An eighth grade student in West Virginia was arrested and taken to jail after an argument with a teacher over a National Rifle Association T-shirt that displayed a hunting rifle. The Associated Press reports:
[Jared] Marcum’s stepfather, Allen Lardieri, said the youth was waiting in line in the school cafeteria Thursday when a teacher ordered the eighth-grader to remove the T-shirt or to turn it inside out.
Marcum said was sent to the office where he again refused the order.
“When the police came, I was still talking and telling them that this was wrong, that they cannot do this, it’s not against any school policy. The officer, he told me to sit down and be quiet. I said, `No, I’m exercising my right to free speech.’ I said it calmly,” he said.
Police charged him with disrupting an educational process and obstructing an officer, he said.
“The only disturbance was caused by the teacher. He raised his voice,” he said. […]
Logan County Schools’ dress code, which is posted on the school system’s website, prohibits clothing and accessories that display profanity, violence, discriminatory messages or sexually suggestive phrases. Clothing displaying advertisements for any alcohol, tobacco, or drug product also is prohibited.
Their lawyer, Ben White, said that the T-shirt did not appear to violate any school policy.
The U.S. Supreme Court has long protected student political speech, holding that students do not “shed their First Amendment rights at the schoolhouse door.” School officials may censor speech, however, if it disrupts the educational process. More recently, school censorship of a banner promoting drug use was upheld by the Supreme Court. On these particular facts, the only disruption appears to have ensued once the teacher asked Marcum to remove the T-shirt, but there may be weak arguments that wearing images of a weapon would fall under the school’s policy against clothing that displays “violence,” and that the policy is tailored to avoid disruptions.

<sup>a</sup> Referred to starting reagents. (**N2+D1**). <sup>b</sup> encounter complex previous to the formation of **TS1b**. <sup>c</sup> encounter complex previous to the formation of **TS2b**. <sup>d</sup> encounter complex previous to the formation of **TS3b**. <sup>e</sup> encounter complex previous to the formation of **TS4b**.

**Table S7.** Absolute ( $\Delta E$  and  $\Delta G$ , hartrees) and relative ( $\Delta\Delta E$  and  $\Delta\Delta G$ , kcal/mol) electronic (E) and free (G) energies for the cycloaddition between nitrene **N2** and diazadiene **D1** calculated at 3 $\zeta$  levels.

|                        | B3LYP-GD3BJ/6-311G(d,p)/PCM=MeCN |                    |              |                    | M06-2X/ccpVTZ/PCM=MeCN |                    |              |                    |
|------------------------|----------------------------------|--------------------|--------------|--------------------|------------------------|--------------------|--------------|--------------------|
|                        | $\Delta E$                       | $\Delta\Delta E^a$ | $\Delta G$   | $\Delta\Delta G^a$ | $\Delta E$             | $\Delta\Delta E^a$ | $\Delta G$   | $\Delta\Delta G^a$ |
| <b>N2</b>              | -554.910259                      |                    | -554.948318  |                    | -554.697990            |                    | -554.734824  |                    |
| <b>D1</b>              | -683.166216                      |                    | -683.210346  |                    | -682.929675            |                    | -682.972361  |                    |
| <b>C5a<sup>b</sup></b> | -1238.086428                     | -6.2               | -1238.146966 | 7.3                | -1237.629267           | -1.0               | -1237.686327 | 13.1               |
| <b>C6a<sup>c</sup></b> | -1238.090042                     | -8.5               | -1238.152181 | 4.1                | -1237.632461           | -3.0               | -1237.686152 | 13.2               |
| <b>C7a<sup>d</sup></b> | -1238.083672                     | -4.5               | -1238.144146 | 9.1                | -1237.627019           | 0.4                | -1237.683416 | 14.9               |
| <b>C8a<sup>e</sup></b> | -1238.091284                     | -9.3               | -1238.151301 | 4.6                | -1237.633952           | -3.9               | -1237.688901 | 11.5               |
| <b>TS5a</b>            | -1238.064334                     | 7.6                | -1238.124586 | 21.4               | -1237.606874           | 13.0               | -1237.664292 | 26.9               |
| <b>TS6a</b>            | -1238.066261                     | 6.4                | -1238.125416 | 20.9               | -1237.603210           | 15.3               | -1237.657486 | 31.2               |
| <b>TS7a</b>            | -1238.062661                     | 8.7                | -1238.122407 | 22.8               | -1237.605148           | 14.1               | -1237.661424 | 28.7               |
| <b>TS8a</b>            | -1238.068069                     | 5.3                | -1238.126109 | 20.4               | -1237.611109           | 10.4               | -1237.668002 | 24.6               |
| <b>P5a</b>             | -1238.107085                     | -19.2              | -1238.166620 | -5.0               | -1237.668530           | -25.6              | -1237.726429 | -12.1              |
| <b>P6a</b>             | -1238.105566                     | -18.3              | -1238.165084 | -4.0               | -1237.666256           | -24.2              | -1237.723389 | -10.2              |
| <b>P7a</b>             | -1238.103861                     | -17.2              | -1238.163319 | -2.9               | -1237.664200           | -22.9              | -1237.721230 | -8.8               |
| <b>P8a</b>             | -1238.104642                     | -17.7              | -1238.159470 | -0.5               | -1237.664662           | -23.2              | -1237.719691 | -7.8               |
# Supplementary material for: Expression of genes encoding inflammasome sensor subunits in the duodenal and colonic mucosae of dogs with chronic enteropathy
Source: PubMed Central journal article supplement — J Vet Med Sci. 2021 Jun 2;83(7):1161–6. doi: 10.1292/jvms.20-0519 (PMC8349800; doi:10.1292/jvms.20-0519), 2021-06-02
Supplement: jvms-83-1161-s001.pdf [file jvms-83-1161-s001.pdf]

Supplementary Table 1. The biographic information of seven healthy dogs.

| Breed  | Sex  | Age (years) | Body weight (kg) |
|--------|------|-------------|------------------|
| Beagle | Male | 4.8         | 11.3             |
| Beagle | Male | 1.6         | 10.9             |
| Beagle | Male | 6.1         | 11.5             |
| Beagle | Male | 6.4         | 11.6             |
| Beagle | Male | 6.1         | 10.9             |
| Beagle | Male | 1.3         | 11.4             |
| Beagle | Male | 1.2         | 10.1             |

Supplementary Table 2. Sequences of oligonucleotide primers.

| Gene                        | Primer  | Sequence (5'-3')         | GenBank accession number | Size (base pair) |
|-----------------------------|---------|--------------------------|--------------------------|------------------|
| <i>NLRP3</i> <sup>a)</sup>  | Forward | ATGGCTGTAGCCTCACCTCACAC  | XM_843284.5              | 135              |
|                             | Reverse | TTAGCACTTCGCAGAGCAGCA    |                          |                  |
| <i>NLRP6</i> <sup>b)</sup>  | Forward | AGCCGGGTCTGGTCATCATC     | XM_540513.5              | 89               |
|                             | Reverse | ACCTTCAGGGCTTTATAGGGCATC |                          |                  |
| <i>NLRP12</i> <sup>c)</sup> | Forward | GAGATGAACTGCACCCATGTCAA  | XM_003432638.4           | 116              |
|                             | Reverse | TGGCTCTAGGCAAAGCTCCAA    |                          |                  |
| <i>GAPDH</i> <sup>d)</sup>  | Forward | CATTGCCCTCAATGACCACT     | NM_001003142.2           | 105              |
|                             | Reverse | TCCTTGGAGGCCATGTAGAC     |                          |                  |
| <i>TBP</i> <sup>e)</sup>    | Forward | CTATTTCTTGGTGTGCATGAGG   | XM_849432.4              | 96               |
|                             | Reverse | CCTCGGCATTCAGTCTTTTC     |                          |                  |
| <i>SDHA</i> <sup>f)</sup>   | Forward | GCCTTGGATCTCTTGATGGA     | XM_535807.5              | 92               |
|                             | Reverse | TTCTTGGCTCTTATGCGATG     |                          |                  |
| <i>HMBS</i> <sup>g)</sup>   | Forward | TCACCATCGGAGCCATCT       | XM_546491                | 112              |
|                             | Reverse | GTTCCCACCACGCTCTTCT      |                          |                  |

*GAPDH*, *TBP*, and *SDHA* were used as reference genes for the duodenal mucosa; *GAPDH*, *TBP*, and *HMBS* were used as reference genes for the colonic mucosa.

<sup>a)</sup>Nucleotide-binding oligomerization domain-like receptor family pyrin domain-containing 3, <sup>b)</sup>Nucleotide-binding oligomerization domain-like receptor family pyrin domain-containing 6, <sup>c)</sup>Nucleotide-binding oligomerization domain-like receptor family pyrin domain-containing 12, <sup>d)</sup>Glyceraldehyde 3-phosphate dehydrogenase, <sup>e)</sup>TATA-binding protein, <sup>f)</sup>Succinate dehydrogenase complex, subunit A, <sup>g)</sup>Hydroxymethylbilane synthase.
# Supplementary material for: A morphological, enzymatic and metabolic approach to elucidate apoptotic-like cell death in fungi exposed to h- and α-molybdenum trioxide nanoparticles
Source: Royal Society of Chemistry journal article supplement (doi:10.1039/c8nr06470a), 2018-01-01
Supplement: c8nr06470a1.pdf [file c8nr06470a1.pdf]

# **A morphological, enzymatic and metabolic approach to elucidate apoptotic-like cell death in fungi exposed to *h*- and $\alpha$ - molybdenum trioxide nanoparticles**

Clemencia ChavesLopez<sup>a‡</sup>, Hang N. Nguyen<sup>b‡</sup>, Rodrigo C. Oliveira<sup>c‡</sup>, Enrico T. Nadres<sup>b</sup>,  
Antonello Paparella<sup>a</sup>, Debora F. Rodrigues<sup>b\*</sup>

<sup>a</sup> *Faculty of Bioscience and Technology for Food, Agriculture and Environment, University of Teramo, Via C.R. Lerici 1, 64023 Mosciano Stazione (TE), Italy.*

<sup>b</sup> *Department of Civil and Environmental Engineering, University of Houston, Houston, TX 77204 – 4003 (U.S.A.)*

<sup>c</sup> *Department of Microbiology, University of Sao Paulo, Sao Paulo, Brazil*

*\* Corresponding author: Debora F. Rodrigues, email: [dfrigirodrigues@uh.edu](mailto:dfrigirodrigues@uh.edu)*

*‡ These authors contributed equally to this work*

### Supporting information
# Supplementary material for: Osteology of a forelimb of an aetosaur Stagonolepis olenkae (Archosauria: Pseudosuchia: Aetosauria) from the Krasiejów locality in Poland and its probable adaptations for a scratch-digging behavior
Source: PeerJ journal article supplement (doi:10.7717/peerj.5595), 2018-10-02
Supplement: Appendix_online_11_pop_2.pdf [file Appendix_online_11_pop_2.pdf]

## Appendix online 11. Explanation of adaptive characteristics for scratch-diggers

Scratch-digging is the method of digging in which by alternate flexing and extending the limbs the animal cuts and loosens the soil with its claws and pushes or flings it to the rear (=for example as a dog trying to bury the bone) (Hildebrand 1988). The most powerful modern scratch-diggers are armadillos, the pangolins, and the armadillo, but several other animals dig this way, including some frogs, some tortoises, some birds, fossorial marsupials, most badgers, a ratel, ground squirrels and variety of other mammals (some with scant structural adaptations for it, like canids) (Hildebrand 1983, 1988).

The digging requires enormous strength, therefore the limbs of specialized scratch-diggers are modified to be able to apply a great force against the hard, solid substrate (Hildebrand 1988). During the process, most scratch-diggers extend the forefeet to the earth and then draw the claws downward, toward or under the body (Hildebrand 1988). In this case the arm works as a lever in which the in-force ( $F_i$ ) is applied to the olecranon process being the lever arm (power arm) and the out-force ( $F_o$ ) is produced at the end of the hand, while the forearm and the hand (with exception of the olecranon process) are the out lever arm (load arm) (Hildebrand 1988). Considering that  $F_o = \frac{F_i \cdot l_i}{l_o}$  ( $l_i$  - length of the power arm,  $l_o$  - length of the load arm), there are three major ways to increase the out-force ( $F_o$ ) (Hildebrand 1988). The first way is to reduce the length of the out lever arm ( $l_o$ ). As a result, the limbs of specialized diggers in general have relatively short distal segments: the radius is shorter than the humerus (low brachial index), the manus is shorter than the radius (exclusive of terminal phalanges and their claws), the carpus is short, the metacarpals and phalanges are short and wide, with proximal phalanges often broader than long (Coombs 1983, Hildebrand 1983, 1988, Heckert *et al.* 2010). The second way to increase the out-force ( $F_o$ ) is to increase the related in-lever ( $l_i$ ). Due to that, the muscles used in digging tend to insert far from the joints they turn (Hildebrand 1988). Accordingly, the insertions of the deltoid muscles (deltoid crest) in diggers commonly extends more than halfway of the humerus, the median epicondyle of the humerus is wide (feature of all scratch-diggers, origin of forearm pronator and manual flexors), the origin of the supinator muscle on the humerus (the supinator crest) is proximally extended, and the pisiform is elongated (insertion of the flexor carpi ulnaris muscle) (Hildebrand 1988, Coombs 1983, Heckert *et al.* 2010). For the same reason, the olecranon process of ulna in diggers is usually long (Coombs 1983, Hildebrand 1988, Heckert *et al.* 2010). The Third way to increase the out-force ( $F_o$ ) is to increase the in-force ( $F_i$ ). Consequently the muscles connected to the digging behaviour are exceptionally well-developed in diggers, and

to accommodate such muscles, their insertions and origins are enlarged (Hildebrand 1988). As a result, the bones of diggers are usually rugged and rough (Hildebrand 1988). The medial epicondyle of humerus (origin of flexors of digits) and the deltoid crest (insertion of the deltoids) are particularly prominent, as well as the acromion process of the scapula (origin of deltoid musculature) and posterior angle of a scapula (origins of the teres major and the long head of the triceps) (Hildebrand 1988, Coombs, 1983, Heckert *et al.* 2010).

Because the police would not talk to reporters, it is difficult to make a full First Amendment assessment. But regardless of whether the school’s conduct was protected speech, there is no clear justification for police intervention, let alone arrest and jailing of a 14-year-old. According to accounts of the incident, Marcum did not engage in violence or other dangerous behavior. In fact, he appears to have done nothing other than argue for his right to wear the T-shirt. Teenagers are bound to challenge authority; sometimes rightly so. Criminalizing what is at most a school disciplinary violation perpetuates what is known as the school-to-prison pipeline, in which youth are diverted away from school and into the criminal justice system.
The city police chief told ABCNews.com that Logan was arrested for “disrupting the school process” and that he “almost incited a riot,” although he does not explain how. This language is clearly intended to counter a First Amendment claim. But even if his conduct were disruptive, it remains unclear why it justified a criminal arrest. The police chief also said Marcum was released after 30 minutes. When Marcum returned from his suspension, he wore the same T-shirt, and many fellow students also wore NRA T-shirts in solidarity.